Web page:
On August 4, 2014, the company announced the scheduled removal of a driver from the app—pending a medical review—after the driver suffered an epileptic seizure while driving that resulted in an accident with a pedestrian in San Francisco. The 56-year-old driver was hospitalized after hitting three parked cars and then a man on the sidewalk; an Uber spokesperson said to the media as part of the announcement that the driver "has an outstanding record of service and safety with no prior incidents."[29]

Drivers in the Polish capital city of Warsaw began using the Uber app on August 18, 2014. A taxi license or a taximeter are not requirements for drivers, and all payments are made through the mobile app. Swathy Prithivi, coordinator of Uber's entry into new markets, said to Polish media: “our premise is to be the cheapest. We will even be cheaper than the most popular Warsaw carriers."[30]

Although the Metropolitan Government of Seoul officially stated in mid-2014 that it would seek to ban Uber from operating in its jurisdiction, while also developing its own Uber-like app for registered taxis to be launched in December 2014,[31] Uber proceeded to introduce its UberX service in the city at the end of August 2014. According to the Wall Street Journal, UberX uses a "for-pay rideshare scheme" and "trips cost less than the same journey in an ordinary taxi." At the time of the launch, an Uber representative based in Seoul said that a charge will not apply to rides in Seoul until further notice.[24]

At the end of August 2014, the company had reportedly raised US$1.5 billion in venture capital.[32] Following a series of media articles, in which Uber's aggressive business practices were exposed, the Salon publication published an article on August 31, 2014 by staff writer Andrew Leonard, titled "Why Uber must be stopped." Leonard described Uber as "the closest thing we’ve got today to the living, breathing essence of unrestrained capitalism," and warned of the harms that will occur if the company achieves a "dominant market position in every major city on the globe."[33]

Pricing and payments[edit]

Uber's pricing is similar to metered taxis, although all hiring and payment is handled exclusively through Uber and not with the driver personally. If the Uber car is travelling at a speed greater than 11 mph (18 km/h), the price is calculated on a distance basis. Otherwise, the price is calculated on a time basis.[34] At the end of a ride, the complete fare (which includes gratuity—Uber's exact wording is "No Need to Tip" and no option to add a tip exists except to offer it by cash) is automatically billed to the customer's credit card.[2] Uber has said its high prices are the premium that the customers pay for a cab service that is not only reliable, but also punctual and comfortable.[35][36][37]

During high demand times such as Halloween, New Year's Eve, or severe inclement weather (such as heavy snowstorms), Uber increases its prices to "surge price" levels to reach an economic equilibrium by attracting more drivers.[38][39] Uber has also used surge pricing during extremely inclement weather, such as a July 8, 2013, rainstorm that flooded many streets in the greater Toronto area, and during Hurricane Sandy.[40] Customers receive notice when making a reservation that prices have increased.[38] During New Year's Eve 2011, prices were as high as seven times normal rates, causing outrage in response.[41] Uber co-founder Travis Kalanick responded: "...because this is so new, it's going to take some time for folks to accept it. There's 70 years of conditioning around the fixed price of taxis."[41][42]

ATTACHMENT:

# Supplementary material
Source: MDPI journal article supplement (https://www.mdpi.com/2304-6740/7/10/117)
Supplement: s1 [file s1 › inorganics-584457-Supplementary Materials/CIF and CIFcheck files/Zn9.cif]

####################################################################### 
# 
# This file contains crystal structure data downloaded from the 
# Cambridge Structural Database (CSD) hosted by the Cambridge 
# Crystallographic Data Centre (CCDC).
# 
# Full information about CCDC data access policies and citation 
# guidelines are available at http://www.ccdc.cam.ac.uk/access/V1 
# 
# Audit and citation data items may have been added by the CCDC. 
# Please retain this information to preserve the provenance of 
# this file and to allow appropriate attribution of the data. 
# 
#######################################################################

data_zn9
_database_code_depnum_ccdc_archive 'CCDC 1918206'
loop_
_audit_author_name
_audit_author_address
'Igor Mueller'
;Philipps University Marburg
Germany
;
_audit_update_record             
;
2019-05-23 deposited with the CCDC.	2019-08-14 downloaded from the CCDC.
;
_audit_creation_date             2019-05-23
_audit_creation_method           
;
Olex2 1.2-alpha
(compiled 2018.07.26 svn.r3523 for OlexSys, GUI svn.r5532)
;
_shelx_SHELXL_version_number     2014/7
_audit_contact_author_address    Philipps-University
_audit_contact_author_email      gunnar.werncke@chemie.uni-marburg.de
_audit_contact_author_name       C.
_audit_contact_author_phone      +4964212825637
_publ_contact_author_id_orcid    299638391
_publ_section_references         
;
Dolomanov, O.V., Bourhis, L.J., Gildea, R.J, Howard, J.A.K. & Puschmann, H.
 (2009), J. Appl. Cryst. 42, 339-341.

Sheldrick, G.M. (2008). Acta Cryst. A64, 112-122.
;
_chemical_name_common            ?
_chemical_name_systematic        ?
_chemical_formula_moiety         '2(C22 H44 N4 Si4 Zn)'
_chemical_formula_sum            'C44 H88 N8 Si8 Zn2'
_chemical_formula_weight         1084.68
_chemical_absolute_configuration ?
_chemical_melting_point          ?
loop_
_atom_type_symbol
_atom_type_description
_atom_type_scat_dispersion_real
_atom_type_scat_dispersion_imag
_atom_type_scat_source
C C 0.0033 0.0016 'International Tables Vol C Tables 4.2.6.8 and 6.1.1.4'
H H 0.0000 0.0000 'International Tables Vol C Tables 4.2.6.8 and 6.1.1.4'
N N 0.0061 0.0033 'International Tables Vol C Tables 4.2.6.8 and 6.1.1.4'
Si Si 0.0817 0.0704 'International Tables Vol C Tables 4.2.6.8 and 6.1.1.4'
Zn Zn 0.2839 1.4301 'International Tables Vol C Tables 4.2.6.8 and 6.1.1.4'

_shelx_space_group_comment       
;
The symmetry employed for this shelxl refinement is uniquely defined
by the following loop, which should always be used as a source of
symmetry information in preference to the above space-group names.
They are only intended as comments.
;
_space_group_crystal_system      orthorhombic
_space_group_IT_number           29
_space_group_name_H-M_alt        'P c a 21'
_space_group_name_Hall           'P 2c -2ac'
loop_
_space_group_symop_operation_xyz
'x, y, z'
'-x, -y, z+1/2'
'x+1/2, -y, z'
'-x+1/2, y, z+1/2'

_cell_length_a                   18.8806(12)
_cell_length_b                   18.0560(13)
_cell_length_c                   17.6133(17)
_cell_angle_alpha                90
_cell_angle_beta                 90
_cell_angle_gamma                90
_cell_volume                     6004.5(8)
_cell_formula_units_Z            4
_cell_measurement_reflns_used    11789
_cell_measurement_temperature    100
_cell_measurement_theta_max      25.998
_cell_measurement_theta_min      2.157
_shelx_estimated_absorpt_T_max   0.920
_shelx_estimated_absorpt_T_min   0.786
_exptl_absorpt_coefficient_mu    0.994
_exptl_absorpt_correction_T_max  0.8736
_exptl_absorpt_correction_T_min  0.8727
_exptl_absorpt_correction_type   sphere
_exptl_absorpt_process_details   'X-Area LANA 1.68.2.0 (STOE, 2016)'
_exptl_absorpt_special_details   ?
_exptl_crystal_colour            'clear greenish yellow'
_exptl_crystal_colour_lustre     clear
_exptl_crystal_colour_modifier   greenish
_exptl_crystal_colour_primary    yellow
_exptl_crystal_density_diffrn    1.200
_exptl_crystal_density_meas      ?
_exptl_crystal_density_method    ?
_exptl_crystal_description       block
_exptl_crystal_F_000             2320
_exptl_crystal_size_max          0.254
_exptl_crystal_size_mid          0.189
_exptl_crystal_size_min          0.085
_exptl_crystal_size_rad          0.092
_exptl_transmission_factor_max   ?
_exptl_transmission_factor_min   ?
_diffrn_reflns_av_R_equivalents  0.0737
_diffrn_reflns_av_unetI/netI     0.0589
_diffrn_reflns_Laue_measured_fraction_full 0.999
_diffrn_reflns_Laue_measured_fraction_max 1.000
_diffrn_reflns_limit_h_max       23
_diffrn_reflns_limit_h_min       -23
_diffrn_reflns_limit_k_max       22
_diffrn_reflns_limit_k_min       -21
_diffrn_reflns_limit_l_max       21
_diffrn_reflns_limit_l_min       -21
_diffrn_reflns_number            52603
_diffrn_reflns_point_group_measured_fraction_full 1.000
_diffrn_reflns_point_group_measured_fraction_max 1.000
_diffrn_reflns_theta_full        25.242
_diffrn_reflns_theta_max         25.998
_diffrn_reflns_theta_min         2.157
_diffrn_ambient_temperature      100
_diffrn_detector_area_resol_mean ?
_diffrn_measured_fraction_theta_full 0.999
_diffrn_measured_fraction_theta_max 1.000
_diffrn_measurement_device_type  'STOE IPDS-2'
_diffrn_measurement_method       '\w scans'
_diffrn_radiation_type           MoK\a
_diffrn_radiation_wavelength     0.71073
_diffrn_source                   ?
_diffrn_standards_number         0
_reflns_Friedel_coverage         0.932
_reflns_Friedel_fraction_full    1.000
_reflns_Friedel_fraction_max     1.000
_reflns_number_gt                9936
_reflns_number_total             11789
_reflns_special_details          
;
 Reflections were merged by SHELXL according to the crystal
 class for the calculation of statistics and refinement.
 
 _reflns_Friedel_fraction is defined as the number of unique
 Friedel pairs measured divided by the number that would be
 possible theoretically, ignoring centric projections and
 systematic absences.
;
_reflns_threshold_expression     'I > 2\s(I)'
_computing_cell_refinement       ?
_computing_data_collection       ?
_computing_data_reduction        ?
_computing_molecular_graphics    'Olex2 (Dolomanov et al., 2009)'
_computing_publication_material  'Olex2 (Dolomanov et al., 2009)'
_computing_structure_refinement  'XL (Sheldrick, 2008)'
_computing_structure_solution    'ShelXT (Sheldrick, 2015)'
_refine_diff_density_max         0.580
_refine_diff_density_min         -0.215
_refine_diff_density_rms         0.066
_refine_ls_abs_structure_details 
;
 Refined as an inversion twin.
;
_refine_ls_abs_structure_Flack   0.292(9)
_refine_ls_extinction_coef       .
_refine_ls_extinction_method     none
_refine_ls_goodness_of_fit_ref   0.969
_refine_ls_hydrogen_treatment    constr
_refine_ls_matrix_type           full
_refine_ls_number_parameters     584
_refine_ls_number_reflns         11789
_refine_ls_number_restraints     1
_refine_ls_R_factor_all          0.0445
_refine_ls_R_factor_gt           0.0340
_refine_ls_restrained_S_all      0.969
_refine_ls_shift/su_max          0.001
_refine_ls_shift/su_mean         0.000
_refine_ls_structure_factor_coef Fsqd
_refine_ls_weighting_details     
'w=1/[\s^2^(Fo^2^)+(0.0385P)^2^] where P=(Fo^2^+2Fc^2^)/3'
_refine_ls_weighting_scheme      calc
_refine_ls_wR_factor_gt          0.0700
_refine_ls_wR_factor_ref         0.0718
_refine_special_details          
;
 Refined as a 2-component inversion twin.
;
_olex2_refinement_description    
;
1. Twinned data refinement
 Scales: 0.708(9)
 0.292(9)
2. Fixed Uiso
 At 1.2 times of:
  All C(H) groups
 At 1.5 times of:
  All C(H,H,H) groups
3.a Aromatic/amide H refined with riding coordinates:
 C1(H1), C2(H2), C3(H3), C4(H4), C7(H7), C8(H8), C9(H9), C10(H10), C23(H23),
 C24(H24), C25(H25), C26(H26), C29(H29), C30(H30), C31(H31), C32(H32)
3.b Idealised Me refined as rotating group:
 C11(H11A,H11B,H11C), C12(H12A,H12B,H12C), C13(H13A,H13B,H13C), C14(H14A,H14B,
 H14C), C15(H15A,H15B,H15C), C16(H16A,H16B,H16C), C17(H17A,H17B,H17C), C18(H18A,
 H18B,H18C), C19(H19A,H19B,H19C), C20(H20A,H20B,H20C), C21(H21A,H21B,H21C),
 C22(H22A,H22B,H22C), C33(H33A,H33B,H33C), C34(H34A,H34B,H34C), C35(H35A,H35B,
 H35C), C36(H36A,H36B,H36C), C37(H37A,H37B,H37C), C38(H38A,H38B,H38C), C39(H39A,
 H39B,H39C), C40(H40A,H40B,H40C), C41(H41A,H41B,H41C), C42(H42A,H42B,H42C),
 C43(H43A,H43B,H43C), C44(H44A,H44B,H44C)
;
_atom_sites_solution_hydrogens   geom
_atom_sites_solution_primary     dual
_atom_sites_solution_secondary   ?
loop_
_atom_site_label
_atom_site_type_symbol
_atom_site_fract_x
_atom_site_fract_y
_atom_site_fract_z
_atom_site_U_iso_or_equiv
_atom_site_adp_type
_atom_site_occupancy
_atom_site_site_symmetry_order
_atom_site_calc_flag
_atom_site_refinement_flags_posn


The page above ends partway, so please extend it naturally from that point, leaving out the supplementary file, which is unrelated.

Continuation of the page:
Promotions[edit]

DeLorean time machine provided by Uber

Uber has had multiple limited-time offers, featuring specialty vehicles, to promote their services. One such offer was for hiring ice cream trucks to come to a specific place, including one of several ice cream packages, for a flat fee.[43] Another had Back to the Future enthusiasts flocking to the San Francisco Bay area and offering rides in DeLorean DMC-12s to people through Uber's mobile application, as part of a joint promotion effort with General Electric.[44]

Uber has also offered slightly more practical promotions from time to time. For example, they offered helicopter service from New York City to The Hamptons during the July 4 weekend,[45] and also offered ferry service during the 2013 BART strike to help with the additional transit load.[46]

On October 29, 2013, celebrated as National Cat Day in the United States, Uber offered a limited-time kitten delivery service. In addition to their car services, Uber allowed users to select a "Kitten!" delivery button. This service cost $20 and included 15 minutes of playtime with the kittens, plus cupcakes and t-shirts. The proceeds from this promotion were given to local animal shelters. The kitten promotion was only available in San Francisco, Seattle, and New York City.[47]

For Christmas 2013, Uber also had a Christmas tree delivery service in Atlanta, Boston, Chicago, Dallas, Los Angeles, New York City, Philadelphia, San Diego, San Francisco, and Washington, D.C. in cooperation with Home Depot.[48]

In Bangalore, Uber worked with Zoom, a car-sharing organization, and the Ashoka Foundation, on the RideSmartBLR campaign aimed at discouraging personal vehicles and encouraging car-sharing or taxis for environmental and safety reasons.[49]

Reception[edit]

In 2013, USA Today named Uber its tech company of the year.[50]

In 2011, Marc Andreessen said he would love to invest in Uber. He told CNET, "Uber is software eats taxis. [...] It's a killer experience. You watch the car on the map on your phone as it makes its way to you."[51] Also in 2011, the New York Times called Uber "clever but costly", noting the cars are "particularly nice by livery standards" and pickup times were slow compared with traditional New York City taxis and black cars.[35]

Uber faces competition from lower-cost real-time ridesharing startups such as Lyft and Sidecar. To compete at lower price levels, Uber has introduced UberTaxi (partnerships with local taxi commissions) and UberX (nonluxury cars such as Toyota Prius hybrids).[52] This move has led to dissatisfaction among existing Uber limo drivers who have seen their earnings decrease.[53]